Contributor: vlsimon Created: 3 years ago Updated: 3 years ago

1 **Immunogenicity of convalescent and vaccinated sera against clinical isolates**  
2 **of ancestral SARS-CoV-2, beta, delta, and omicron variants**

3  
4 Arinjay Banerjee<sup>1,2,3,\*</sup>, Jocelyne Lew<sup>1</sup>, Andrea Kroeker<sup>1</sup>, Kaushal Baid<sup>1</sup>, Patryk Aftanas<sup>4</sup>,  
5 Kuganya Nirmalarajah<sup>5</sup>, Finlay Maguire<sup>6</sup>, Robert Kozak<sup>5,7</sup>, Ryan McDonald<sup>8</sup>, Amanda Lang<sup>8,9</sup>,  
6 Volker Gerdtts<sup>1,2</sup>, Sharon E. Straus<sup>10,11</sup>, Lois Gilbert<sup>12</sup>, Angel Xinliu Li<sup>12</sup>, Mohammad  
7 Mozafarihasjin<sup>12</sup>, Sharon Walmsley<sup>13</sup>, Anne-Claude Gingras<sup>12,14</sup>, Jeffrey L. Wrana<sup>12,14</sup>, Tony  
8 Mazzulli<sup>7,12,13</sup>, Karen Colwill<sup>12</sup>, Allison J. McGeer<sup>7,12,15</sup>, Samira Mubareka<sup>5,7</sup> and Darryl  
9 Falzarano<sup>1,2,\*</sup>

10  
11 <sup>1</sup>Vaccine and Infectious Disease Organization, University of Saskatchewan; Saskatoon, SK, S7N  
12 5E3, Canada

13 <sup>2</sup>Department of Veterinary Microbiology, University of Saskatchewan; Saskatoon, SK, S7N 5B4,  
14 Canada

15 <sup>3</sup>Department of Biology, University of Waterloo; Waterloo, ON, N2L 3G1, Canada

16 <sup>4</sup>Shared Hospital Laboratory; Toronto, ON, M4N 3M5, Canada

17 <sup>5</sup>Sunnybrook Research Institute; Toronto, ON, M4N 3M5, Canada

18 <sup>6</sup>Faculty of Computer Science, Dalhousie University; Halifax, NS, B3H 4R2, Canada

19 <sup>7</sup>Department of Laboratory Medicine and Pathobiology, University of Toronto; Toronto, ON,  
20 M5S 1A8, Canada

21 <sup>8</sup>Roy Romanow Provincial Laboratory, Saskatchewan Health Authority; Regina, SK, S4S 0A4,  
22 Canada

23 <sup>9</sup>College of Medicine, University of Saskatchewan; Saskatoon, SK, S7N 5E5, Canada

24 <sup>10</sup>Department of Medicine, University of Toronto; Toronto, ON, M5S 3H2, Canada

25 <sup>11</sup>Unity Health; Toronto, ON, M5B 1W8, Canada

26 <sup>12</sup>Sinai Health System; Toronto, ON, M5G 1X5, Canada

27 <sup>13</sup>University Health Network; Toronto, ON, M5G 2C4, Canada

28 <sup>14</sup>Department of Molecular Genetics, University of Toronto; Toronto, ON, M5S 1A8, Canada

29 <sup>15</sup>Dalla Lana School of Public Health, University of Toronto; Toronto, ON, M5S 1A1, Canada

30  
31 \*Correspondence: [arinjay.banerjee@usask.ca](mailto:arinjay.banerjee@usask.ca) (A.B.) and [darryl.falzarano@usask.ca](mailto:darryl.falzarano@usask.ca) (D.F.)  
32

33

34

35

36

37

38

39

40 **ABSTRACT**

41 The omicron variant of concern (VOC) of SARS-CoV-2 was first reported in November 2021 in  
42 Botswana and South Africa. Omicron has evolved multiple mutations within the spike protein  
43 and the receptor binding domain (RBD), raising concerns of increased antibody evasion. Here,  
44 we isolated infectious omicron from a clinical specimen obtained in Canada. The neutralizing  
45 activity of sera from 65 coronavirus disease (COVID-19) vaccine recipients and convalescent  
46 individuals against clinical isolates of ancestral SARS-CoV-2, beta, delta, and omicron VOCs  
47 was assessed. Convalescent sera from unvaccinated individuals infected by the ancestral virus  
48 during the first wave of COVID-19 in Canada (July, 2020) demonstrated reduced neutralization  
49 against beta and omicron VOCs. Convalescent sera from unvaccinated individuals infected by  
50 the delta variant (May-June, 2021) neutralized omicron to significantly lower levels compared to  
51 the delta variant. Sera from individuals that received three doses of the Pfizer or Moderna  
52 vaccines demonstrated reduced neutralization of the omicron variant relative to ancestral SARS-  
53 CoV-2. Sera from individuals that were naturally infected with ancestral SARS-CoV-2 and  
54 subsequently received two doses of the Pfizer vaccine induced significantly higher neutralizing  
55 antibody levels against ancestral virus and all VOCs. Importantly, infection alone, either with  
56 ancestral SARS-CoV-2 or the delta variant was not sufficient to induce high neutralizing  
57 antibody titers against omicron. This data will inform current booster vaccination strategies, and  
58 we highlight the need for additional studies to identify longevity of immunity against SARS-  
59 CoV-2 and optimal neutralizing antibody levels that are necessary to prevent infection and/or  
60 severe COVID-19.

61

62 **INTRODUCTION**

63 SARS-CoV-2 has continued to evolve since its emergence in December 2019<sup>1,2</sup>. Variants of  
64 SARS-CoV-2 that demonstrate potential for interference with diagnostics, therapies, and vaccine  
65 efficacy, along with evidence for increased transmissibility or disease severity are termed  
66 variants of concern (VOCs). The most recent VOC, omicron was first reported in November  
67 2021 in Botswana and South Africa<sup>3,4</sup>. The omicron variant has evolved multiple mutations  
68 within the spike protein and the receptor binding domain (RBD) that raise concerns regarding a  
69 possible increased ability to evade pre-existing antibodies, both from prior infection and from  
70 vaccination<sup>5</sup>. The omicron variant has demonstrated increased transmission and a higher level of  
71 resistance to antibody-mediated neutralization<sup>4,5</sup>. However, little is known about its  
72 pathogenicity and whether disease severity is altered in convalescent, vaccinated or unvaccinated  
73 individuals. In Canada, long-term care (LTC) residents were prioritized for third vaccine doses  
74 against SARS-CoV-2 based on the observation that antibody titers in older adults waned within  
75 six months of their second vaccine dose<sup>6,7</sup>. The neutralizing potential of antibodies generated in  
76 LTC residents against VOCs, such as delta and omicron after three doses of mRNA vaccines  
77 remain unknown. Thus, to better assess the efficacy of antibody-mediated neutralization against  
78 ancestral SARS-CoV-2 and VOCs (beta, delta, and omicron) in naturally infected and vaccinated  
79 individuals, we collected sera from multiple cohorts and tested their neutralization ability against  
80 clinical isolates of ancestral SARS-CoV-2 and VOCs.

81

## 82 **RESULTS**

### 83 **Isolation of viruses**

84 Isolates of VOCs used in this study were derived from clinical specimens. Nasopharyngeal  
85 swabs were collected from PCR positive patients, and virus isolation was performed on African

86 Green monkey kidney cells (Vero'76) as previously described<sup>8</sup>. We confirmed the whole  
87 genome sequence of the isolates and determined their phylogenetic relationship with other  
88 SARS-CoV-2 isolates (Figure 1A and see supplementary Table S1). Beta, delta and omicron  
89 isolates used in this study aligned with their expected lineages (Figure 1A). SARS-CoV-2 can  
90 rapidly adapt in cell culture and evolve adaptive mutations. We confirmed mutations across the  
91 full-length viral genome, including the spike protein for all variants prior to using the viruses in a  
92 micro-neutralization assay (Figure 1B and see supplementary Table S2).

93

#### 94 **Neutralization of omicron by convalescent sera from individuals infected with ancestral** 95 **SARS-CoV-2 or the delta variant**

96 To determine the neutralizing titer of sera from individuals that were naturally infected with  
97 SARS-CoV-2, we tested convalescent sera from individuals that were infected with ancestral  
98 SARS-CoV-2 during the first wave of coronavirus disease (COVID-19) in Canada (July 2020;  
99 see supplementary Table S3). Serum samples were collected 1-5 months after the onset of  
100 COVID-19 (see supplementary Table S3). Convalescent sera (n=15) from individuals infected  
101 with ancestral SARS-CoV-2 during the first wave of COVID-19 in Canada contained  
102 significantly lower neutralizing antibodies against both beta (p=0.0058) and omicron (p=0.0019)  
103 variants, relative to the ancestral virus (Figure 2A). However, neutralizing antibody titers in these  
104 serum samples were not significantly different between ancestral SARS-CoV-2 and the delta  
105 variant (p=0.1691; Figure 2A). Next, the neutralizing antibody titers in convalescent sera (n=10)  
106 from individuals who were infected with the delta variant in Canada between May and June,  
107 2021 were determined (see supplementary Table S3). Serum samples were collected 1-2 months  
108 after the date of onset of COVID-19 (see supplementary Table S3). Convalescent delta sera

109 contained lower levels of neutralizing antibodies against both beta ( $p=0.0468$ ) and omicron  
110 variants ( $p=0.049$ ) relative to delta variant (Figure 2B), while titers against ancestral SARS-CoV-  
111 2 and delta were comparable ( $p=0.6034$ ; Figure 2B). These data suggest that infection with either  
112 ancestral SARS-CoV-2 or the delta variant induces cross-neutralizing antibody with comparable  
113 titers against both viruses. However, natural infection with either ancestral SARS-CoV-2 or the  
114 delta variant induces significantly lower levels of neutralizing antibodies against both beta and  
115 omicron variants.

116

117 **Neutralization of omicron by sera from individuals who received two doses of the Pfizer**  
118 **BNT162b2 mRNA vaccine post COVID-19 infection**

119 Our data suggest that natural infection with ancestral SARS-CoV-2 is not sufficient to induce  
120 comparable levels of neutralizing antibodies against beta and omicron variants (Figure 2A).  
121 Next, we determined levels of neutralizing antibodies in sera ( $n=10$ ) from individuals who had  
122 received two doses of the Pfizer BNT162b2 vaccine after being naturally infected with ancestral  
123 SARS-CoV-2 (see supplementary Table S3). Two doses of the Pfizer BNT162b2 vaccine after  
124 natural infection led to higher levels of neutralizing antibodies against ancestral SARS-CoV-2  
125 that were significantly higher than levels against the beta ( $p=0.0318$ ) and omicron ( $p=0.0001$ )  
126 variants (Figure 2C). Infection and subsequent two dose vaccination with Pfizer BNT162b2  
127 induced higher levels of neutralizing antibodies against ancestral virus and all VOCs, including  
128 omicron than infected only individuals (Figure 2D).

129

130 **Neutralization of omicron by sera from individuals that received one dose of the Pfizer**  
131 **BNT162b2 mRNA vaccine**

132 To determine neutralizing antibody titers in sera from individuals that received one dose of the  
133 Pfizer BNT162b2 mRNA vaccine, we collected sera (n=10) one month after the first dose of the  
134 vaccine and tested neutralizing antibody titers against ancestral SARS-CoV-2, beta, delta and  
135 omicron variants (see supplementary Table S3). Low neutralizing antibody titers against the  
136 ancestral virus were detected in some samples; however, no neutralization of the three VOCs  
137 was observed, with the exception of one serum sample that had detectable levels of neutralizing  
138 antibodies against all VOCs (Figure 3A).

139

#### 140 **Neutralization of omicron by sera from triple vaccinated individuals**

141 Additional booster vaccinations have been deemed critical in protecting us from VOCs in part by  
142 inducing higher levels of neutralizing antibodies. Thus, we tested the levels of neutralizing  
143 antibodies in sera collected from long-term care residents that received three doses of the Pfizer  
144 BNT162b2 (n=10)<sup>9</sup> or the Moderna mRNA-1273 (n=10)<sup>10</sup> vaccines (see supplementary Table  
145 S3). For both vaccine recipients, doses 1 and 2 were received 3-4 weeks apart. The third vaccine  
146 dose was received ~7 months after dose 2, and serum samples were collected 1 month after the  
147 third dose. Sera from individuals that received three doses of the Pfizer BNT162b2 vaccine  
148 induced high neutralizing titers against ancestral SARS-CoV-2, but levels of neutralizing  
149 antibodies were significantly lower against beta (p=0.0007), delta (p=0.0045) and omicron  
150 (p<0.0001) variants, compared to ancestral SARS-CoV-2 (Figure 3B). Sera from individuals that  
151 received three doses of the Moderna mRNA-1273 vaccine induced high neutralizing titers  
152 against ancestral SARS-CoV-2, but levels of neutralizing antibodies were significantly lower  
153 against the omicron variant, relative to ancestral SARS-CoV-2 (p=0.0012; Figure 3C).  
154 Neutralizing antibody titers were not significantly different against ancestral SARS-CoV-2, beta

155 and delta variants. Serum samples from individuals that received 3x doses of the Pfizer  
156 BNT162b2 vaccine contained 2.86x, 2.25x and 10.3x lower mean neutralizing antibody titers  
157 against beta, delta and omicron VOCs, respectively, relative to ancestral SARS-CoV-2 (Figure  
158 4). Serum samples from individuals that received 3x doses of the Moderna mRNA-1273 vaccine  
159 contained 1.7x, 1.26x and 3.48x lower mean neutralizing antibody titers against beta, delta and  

I have taken this information from the Scottish Mining Website http://www.scottishmining.co.uk/244.html the New Craighall mine was close in proximity to the Old Craighall mine and I would imagine had similar conditions. Although the case studies are not of our family members, it opened my eyes to the difficult life our ancestors experienced. Children's Employment Commission 1842 The following extracts are from the report by R F Franks to the Children's Employment Commission on the East of Scotland District which was published in 1842. New Craighall Colliery -parish of Inveresk.-(Sir John Hope, of Pinkie, Baronet.) No.68. Alexander Gray, 10 years old, below-ground pump-boy:- I pump out the water in the under bottom of the pit, to keep the mens rooms dry. I am obliged to pump fast or the water would cover me. I had to run away a few weeks ago, as the water came up so fast that I could no pump at all and the men were obliged to gang. The water frequently covers my legs and those of the men when they sit to pick. I have been two years at the pump. I work every day, whether men work or not. Am paid 10d. a-day: no holidays but Sabbath. I go down at three, sometimes five, in the morning; and come up at six and seven at night. I know that I work 12 and 14 hours, as I can tell by the clock. I know the hours: the minute-hand is longer than the one which points to the hour: and I can read and do a little at writing. I go to night-school when there is no work: canna gang after work, am o'er fatigued. I get flesh and kail when I return home and take my pieces of oaten bread wi' me. Can go the length of some of the Questions: the teacher taught me. I know who made the heaven and earth - it was God: our Saviour was his Son. The Devil is sin: sin is any want of conformity to the law of God; so it says in my Questions. I don't know what conformity is, nor the law of God. No.69. Robert Thomson, 11 years old, horse-driver:- Drives a pony in the Tunnel Mine; works 12 and 14 hours: has done 18 months. Would like it fine if the time would allow me to see the daylight. The pit is very wet and sair drappie. The women complain of the wet but they are obliged to like it. I work to father and go to Sabbath-school at Fisherrow. [Reads well, and writes very clear.] No.70. Janet Moffatt, 12 years old, coal-putter:- Works from six morning till six night: alternate weeks works in the night-shift. Descends at six at night, and return five or six in morning, as the coals are drawn whiles later. I pull the waggons, of 4 to 5 cwt., from the mens rooms to the horse-road. We are worse off than the horses, as they draw on iron rails and we on flat floors. We have no meals below. Some of us get pieces of bread when we can save it from the rats who are so ravenous that they eat the corks out of our oil-flasks. I draw the carts through the narrow seams. The roads are 24 to 30 inches high: draw in harness, which passes over my shoulders and back; the cart is fastened to my chain. The place of work is very wet and covers my shoe-tops. I work on mother's account with sister, as father was killed in the pit five years since. There are often accidents below; a woman was killed 3 months since by one of the pit waggons. Mother has eight children. Three of us work below; we are her only support. [Can read, and knows Scripture very well: can sign her name but very indifferently.] No.71. James M'Kinley, 9 years old, below-ground pumper:- I gang below with two sisters at three in the morning. We take bits of bread: we get nothing else until we return at three and four in the day. We work all night week about. Father gets 10d. a-day for my work. I used to go to school and so did sisters, before we came down. Sisters are 12 and 14 years of age. I have down nine months, they many years. I could read in Testament, am too fatigued to gang, after work, to the school. Mother worked till she broke her hands. [Reads very badly.] No.72. Mr Thomas King, mining overseer, New Craighall Colliery:- We employ in the works below about 600 persons; 573 below ground: 155 are females and 102 boys and lads. The number of young persons are not always the same, as the parents take them down as they need them; and it must be admitted that children are taken below much too early. We have no control over them. The men regulate the out-put of their work, as also the limit for their children's claims for work. Taking children very young down has an injurious effect. I have known them carried underground at six and seven years of age, on purpose to claim the privileges. Boys of 12 and 14 years of age can acquire the positions and practical part of coal-hewing better than when younger. Maturity gives them rigour; they are more active and infinitely more useful. Children are detained frequently longer below than parents, as they have to wait their turns in drawing up their father's or master's coal. The labour below but more especially bearing coals, severely injures the females; and they suffer much in after-life. Men suffer much who work below on the stone-mining: few reach 40 years of age. No.73. Ellspee Thomson, 40 years old, coal-bearer:- I wrought all my life, till a stone, 14 months ago, so crushed my leg and right foot, below ground, that I could no' gang. If women did not work below the children would not go down so soon; and it would better for them, as they would get more strength and a little learning. Can say to my own cost that the bairns are much neglected when both parents work below; for neighbours, if they keep the children, they require as much as women sometimes earn and neglect them. The oppression of the coal-bearing is such as to injure women in after-life; and few exist whose legs are not injured, or haunches, before they are 30 years of age. Has known many women leave for service but for want of proper instruction have not be able to hold to the places: the liberty women have unfits them for restraint. Thinks colliers' daughters full as virtuous as other women, only their habits are so different from being taken down so early, especially as collier men think the lassies need less education. The hours children are wrought are much too long; many work 15 hours, none less than 12. I do not know any women that have much suffered from the bad air but most of the men begin to complain at 30 to 35 years of age and drop off before they get the length of 40. No.74. Mr. David Wilson, overseer to the New Craighall Colliery:- I have been in this part of Mid-Lothian many years: 20 years in capacity of overseer and connected with coal working full 40 years. I have evidenced much dissipation and changeableness in consequence of colliers being allowed to employ women in the oppressive part of the labour. Sir John Hope endeavoured some years since to abolish the most degrading and hard part of the labour of women and was opposed by the women and husbands, as interfering with their rights. After great loss, much dispute and delay, many women yoked to the new mode of pulling or pushing and gave up bearing coal. Since horses have been employed many women have kept their homes and I have witnessed a vast change in the habits and health of whole families. The want of domestic training is most severely felt by the females themselves, and much as they desire a change of life they feel their own unfitness to that degree as to abandon all hope. Some few colliers have, on this work, married respectable domestic servants and I have evidenced a vast change in the homes, cleanliness and comforts of the people and children, especially when compared with those whose wives work below ground. No.75. Walter Pryde, aged 81 years, coal-hewer:- I have not wrought for six years. Was first yoked to the coal work at Preston Grange when I was nine years of age: we were then all slaves to the Preston Grange laird. Even if we had no work on the colliery in my father's time we could seek none other without a written licence and agreement to return. Even then the laird or the tacksman selected our place of work and if we did not do his bidding we were placed by the necks in iron collars called juggs, and fastened to the wall, "or made to go the rown." The latter I recollect well the men's hands were tied in face of the horse at the gin and made run round backwards all day. When bound the hewers were paid 4d. a tub of 4cwt. And could send up six to eight tubs, but had to pay their own bearers out of the money, so that we never took more than 8s. to 10s. a-week. The money went much further than double would do now. There are few men live to my age who work below. My wife is 82 and she worked at bearing till she was 66 years of age. We are very poor, having had to bring up 11 children; five are alive. Sir John allows us a free house and coal and the Kirk Session allows us one shilling per week each. Should die if it were not for neighbours and son, who have a large family, and can ill afford to give. No.76. David Gordon, 17 years old, coal-hewer, Craighall Coal-Town:- I hew coal: have done so four years on Sir John's work. Before I went below could read and do the writing: have nearly lost all learning. The irregular nature of the work prevents my seeking the school. The pit we are wrought in there have been many accidents, as the roof is soft, and the water rises sometimes nearly to the roof. I can earn 2s. 6d. a-day when on full work. Sometimes I push the hurlies and my sister Janet assists, as the work has made me weak in the limbs. The lassies draw with ropes and chains: the harness they purchase themselves, it costs 5s. and is made very strong, as the hurlies contain 5 to 7cwt. of coal. Knows some few of the questions in shorter Catechism; very little knowledge of Scripture or arithmetic; can sign own name and that very badly. I know the colliers' children are school freed but very few attend after work and some parents do not send their young children, as they get too much of the strap. [There was scarcely any furniture in the hut and the filthy appearance of the children was disgusting; the fowls were roosting over the bed and appeared by their noise to know that a stranger was present. The mother had been a coalbearer: she had seven children in life, four worked below with father. While in the cottage the father returned, having left two children in the pit: he said they had wrought 15 hours and were waiting their turn below.] No.77. Agnes Johnson, aged 17 years, road-redder:- Assists in redding the road in the Tunnel Pit and work 12 hours. It is very sore work but I prefer it, as I work on the master's account and get 14d. a-day. When I work with father he keeps me 15 and 16 hours at coal-carrying, which I hate, as it last year I twisted my ankles out of place, and I was idle near 12 months. No.78. Robert Inglis, aged 82:- I am the oldest collier on Sir John Hope's work, and have not been able to do much for many years, but am employed about at light work, which gets me a maintenance; am very ill at present, though I move out. I was born 9th Sept. 1759 and worked at Pinkie Pit long before the colliers got their freedom; the first emancipation took place on the 3rd of July, 1775 - we always kept the day as a holiday. Lord Abercorn got us out of our slavery. Father and grandfather were slaves to the Laird of Preston Grange and after the works had stopped and we got licence from Mr. Peter Hunter, the then tacksman, we could not get work, as the neighbours kenned that the Laird of Preston Grange would send the sheriff after us and bring us back. So binding was the bondage, that the lairds had the power of taking colliers who had left them out of any of his Majesty's ships, or bringing back any who had enlisted in the army. Such ill-feelings existed against colliers and salters years past that they were buried in unconsecrated ground; this was common in Fife. If colliers had been better treated they would have been better men.